• How do I place an order?
    Currently the swimming corset is waitlisted, mostly because I don't have synthetic whalebone in large quantities yet. If you don't mind waiting until the end of swim season (in this hemisphere, anyway), I might be able to make a couple more this year – please contact hello@popantique.com to get the ball rolling! You can even place a deposit to secure your place in the queue.
    Please note that I am taking orders for other types of corsets in the meantime! You can read more about that here – I'm running a sale on single layer Gibson Girls in select fabrics, through August 23rd, 2017.
  • So when will it really be available?
    I'd like to complete the prototype run by March of next year, which would allow me to begin taking orders in the spring so you can spend next summer splashing about! Thank you for your patience. In the meantime, I encourage you to sign up for my newsletter, to stay abreast of these developments.
L1361469 Pop Antique Swimming Corset Victoria Dagger Alyx Ryan.jpg

Sign Ups for OCOC16 Close This Month!

The Oxford Conference of Corsetry is a can't-miss event for corsetmakers. Though for many it is a yearly pilgrimage, it's an event that every person in the craft should try to attend at least once. The networking and sense of community is not found anywhere else, whether you're a beginner or an expert. Each year's program is stronger than the last. The workshop leaders, keynote speaker, and models are all top-notch. This year, sign ups are closing early, and I encourage you to take the plunge if you've been tempted by the program!

Due to restrictions that we have with the new venue, we have to announce that although ticket sales are healthy, we need a further 20-25 definite sign-ups before the end of the month in order to meet the requirements of the venue and the conditions they have imposed upon us. If we do not meet that target, we will have to defer the conference to 2017 when we have our regular venue back.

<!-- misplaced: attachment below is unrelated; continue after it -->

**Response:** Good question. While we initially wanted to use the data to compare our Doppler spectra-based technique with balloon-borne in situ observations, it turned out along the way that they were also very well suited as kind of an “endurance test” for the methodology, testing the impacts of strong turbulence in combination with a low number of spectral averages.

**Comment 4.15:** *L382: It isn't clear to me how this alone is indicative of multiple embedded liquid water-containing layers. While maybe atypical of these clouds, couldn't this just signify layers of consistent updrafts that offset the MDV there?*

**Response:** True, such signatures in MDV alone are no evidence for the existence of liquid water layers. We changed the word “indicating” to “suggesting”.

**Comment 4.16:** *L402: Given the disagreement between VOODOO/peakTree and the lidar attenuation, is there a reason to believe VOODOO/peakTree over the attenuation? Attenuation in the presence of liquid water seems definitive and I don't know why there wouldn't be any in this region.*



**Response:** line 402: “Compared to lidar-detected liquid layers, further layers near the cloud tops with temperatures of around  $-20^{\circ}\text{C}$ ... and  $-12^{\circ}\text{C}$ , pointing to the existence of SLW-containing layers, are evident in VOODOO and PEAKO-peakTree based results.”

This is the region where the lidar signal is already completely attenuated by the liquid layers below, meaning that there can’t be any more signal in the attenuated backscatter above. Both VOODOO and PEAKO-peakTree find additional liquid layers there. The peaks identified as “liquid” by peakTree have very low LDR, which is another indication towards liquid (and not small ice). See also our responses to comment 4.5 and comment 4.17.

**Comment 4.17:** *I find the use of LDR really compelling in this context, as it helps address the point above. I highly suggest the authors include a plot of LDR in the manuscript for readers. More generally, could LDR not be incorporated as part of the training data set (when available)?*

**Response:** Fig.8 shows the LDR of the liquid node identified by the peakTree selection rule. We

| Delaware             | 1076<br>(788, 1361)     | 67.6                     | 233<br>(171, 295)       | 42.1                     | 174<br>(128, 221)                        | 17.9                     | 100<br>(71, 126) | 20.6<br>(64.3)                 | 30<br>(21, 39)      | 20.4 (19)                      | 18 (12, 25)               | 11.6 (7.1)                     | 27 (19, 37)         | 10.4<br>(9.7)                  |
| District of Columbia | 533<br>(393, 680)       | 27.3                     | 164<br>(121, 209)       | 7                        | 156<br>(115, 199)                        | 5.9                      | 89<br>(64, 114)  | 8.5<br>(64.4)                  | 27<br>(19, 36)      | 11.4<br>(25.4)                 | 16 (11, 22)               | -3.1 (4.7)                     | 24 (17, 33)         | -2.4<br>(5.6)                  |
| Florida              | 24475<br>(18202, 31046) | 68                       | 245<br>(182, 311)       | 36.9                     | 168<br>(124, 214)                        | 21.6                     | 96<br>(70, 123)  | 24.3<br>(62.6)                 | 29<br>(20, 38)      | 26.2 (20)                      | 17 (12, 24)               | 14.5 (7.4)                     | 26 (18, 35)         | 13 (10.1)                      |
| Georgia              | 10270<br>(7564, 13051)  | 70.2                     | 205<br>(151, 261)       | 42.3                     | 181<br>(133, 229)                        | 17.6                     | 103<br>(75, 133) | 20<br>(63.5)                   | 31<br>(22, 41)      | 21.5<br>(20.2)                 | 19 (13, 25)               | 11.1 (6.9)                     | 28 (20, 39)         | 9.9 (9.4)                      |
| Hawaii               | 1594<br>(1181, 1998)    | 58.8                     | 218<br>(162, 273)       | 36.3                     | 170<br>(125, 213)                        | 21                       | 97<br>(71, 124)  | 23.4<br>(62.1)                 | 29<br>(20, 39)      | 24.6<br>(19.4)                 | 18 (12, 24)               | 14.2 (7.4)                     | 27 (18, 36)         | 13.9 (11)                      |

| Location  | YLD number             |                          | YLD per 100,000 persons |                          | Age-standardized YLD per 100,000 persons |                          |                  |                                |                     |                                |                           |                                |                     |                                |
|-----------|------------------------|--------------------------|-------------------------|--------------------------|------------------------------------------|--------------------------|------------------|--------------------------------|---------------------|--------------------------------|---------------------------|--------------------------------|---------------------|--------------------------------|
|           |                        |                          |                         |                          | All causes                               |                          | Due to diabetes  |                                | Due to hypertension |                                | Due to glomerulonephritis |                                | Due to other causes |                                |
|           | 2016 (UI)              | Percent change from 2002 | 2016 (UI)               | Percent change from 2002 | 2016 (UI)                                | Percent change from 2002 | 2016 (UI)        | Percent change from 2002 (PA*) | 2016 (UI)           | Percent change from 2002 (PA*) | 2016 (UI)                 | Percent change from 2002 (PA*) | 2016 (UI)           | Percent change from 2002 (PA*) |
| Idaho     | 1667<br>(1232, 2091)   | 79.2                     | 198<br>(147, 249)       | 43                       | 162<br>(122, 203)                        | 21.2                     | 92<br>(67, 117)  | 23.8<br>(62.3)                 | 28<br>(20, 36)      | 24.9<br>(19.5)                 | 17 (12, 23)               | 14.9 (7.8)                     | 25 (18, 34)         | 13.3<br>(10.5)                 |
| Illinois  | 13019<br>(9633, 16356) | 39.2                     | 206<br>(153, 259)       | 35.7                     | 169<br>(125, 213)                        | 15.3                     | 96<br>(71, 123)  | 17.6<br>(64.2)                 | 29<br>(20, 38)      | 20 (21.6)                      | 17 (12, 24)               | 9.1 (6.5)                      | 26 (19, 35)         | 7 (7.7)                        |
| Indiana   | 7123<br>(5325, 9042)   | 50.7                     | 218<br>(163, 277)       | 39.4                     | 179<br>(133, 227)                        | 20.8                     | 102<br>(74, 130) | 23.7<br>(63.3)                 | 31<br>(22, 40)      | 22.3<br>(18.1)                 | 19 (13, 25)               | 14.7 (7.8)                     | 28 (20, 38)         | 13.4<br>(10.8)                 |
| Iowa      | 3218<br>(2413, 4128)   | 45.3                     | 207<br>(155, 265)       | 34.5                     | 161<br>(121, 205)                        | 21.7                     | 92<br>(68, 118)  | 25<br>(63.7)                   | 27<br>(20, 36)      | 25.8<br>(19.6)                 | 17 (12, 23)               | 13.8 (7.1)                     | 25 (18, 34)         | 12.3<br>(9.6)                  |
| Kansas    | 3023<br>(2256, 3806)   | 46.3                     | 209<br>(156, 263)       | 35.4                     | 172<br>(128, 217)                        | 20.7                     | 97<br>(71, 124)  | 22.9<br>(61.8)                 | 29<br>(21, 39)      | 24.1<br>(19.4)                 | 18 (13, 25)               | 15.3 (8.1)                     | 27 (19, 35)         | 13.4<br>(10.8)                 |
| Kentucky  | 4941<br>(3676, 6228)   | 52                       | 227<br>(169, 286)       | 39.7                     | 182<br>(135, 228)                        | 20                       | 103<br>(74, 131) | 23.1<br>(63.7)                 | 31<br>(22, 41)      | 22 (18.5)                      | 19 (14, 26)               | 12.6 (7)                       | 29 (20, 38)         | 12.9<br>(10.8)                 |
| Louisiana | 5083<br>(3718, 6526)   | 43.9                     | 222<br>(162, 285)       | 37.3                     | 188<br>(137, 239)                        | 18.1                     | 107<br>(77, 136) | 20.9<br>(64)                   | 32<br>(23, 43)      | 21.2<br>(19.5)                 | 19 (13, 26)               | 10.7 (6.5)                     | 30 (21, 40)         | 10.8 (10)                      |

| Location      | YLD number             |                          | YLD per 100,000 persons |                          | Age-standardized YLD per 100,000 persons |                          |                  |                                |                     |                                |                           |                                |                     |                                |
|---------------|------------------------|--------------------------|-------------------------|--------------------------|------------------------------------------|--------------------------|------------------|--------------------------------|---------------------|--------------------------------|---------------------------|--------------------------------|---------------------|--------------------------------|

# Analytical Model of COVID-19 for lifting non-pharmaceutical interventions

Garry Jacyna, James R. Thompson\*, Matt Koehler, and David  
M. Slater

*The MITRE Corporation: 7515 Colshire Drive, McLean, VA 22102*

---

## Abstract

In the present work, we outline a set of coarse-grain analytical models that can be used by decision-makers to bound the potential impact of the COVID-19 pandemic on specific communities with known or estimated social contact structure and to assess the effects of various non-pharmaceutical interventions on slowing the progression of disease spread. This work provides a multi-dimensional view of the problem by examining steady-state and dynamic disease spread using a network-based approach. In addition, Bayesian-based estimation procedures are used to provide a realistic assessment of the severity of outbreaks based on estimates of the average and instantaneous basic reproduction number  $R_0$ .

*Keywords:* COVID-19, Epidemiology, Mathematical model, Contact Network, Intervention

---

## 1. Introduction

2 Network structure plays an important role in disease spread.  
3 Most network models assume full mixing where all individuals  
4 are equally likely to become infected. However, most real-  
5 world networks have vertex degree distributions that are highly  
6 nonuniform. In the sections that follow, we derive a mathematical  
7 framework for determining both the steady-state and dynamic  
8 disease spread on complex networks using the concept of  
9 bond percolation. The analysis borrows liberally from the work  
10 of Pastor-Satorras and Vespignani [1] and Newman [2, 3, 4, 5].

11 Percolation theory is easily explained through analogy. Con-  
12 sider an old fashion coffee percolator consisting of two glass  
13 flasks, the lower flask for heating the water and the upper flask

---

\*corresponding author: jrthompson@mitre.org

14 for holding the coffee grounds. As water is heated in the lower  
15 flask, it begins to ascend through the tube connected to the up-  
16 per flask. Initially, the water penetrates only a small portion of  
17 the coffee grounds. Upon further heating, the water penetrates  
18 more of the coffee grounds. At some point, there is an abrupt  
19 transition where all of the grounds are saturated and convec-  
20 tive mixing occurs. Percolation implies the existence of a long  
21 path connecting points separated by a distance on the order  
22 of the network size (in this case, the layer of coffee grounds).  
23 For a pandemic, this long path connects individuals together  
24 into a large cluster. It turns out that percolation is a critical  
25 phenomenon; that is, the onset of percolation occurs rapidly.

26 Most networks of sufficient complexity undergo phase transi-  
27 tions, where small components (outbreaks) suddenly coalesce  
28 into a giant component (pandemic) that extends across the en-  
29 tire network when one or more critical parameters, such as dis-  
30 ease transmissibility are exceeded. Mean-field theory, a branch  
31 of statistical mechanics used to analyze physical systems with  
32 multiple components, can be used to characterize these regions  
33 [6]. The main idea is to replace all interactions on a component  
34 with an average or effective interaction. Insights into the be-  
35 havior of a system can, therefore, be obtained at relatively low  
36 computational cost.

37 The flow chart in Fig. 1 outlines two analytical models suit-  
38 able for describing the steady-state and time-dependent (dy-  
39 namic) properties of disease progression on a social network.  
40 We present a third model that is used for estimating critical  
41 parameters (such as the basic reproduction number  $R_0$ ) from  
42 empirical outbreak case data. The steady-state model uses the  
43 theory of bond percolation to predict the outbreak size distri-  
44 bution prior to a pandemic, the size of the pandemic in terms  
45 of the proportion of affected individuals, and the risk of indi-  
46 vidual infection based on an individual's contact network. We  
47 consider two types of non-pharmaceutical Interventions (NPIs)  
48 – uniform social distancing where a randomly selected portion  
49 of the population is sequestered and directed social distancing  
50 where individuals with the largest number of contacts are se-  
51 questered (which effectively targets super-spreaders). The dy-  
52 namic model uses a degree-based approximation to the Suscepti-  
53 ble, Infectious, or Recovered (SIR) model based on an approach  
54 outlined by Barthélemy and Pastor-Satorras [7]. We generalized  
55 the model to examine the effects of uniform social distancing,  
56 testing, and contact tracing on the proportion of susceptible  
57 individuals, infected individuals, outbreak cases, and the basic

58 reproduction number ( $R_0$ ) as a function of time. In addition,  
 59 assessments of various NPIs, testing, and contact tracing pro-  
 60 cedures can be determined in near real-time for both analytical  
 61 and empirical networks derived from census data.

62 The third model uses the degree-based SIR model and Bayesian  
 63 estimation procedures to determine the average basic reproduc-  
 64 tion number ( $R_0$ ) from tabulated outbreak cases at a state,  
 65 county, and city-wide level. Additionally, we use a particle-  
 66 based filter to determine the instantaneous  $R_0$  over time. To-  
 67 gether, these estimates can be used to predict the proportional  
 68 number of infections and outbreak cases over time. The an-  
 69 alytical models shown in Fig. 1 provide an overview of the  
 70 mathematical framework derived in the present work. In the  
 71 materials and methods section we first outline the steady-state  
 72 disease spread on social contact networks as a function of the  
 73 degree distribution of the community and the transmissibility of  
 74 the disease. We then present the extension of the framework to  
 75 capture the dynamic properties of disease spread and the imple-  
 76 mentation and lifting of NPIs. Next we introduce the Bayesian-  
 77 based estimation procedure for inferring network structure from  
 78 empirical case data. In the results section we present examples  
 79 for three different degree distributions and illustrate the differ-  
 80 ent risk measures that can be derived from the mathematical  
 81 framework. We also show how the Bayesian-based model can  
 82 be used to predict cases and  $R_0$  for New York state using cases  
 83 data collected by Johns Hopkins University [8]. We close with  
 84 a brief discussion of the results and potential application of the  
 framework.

— Oxford Conference of Corsetry

I've been involved with the conference since its inaugural year, when I was on the committee of Corset Fellows. In its second year, I taught a workshop on pattern grading corsets, and my mentor Autumn Adamme of Dark Garden came as our keynote speaker. Last year, I attended as a regular delegate to experience the workshops first hand. Autumn in turn brought Mister Pearl himself and led a curated Q&A panel with him.

Sketchbook excerpts as I designed my wedding gown (seen on the right).

Sketchbook excerpts as I designed my wedding gown (seen on the right).

For the 2016 programme, I am slated to teach a workshop on illustration. Fashion illustration was my passion before I discovered corsetry. My sketching skills have come in incredibly handy for designing my ready-to-wear line and custom pieces both. I use my sketchbook to map the construction of integrated corset concepts, which simplifies the patterning and sketchbook phases. On Sunday, there will be an additional mini workshop in which I discuss technical flats. And for the conference gift bags, I'm working on special croquis which delegates can use as a template for their own designs. The latter is inspired by a vintage croquis pad which I've been using of late.

Technical drawing of wedding dress design.

Technical drawing of wedding dress design.

Eveningwear corsetry design sketched on vintage croquis pad.

Eveningwear corsetry design sketched on vintage croquis pad.

Build your design skills and your brand with us at OCOC16! We will have more workshops and more models than ever - just take a look at our 2016 programme! Sign up now for an unforgettable weekend in a classically English location.

Corset FAQ: Where's my waist? Am I wearing this thing in the right place?